Recently I asked Hirsch about what he was reading. His reply:
The Cartel by Don WinslowVisit Reece Hirsch's website.
Don Winslow is one of the very best crime writers working today and The Cartel is one of his most powerful books. Like Richard Price’s Clockers, The Cartel is an immersive and unforgettable reading experience that takes readers to places that they would never, ever – and I mean ever -- want to visit in real life -- the world of the powerful Mexican drug cartels and the U.S. and Mexican law enforcement operatives that combat those organizations.
The Cartel walks an uneasy line between fiction and reportage but ultimately succeeds on both counts. There can be no doubt that Winslow has an encyclopedic knowledge of the social, political and economic dynamics of the so-called War on Drugs, and there are portions of The Cartel that read like straight-up journalism, charting the shifting alliances and battles between the various cartels. At first I wasn’t certain that the mix worked but the cumulative power of the book is undeniable.
Winslow doesn’t draw upon some of his easiest strengths in The Cartel. There’s very little of the pyrotechnic literary style of Savages or The Dawn Patrol, and the humor that’s present is about as pitch-black as it gets. But that approach suits the material and the author’s seeming mission – to depict what’s happening in Mexico today as much more than a crime wave but rather a kind of war on civilization and humanity itself.
As in Winslow’s masterful The Power of the Dog, the book continues to follow the lifelong grudge match between DEA agent Art Keller and Sonora cartel kingpin Adan Barerra. The Cartel is a more than worthy follow-up to The Power of the Dog, and the books should ideally be read together. Taken together, they’re like a modern Godfather epic – if Coppola had started with Godfather Part 2 and then gone even darker with the sequel.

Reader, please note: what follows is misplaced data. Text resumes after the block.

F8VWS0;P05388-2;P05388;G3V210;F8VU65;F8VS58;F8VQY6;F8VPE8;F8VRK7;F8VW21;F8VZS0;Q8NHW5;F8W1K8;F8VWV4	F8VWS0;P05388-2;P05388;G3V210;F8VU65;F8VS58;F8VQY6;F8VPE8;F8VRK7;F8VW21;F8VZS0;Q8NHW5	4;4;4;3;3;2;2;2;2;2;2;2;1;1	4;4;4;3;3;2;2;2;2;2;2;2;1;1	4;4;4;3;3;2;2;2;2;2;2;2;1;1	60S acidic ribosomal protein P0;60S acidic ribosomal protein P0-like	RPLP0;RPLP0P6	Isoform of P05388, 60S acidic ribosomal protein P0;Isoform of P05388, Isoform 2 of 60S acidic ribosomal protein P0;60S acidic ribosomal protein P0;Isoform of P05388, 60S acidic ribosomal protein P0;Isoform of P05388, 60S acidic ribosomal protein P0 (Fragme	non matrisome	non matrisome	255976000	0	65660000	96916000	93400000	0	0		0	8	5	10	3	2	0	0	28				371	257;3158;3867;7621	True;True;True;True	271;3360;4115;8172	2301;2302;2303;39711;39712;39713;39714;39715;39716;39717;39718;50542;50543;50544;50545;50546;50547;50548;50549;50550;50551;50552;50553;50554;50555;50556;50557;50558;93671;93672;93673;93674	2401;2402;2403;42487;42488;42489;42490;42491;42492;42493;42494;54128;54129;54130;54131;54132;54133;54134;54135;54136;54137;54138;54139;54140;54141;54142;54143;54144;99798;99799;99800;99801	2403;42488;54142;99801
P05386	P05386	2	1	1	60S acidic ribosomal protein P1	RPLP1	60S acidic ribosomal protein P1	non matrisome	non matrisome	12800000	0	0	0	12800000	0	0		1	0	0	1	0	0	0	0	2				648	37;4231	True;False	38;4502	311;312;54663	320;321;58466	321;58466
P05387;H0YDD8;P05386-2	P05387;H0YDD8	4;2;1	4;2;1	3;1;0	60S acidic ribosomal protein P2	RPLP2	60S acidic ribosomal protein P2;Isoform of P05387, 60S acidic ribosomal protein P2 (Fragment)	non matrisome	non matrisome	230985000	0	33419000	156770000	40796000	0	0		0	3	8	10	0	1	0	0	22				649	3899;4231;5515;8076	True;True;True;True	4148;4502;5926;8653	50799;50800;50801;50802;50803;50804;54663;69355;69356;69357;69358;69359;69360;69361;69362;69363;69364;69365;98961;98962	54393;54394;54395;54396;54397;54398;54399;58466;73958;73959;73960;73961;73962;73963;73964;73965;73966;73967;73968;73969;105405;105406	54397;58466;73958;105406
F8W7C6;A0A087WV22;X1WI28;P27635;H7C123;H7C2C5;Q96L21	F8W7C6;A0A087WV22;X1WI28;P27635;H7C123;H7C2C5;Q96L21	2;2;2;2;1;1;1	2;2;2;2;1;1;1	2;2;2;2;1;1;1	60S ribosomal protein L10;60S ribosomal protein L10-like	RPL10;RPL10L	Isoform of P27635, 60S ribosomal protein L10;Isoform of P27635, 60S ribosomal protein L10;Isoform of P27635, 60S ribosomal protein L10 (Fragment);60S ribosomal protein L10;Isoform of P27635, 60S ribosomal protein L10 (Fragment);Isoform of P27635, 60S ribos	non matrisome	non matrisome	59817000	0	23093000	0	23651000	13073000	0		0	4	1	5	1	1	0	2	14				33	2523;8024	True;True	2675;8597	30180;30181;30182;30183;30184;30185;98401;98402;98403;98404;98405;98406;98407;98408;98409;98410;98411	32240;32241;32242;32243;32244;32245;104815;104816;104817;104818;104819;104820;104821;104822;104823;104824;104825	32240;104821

The parallels to the real-life “El Chapo” are obvious and that was one of the elements that interested me most about this book. The novel that I’m currently writing is based on some actual people and events, and in The Cartel Winslow provides a master class in how to write a book that is both rigorously researched and illuminating of the world that we live in, but still a fully realized work of fiction.
Yes, it’s bleak. And there are times when the repetitive, horrific violence is oppressive. But I think that may have been part of Winslow’s strategy. When the book reaches its violent, choreographed and elegantly fitting conclusion, you know you’ve read something that’s going to change the way that you look at the world. Don Winslow is a writer who I would follow anywhere – and that level of commitment is pretty much required to visit the soul-crushing, brutally violent world of The Cartel.
The Page 69 Test: The Insider.
The Page 69 Test: Surveillance.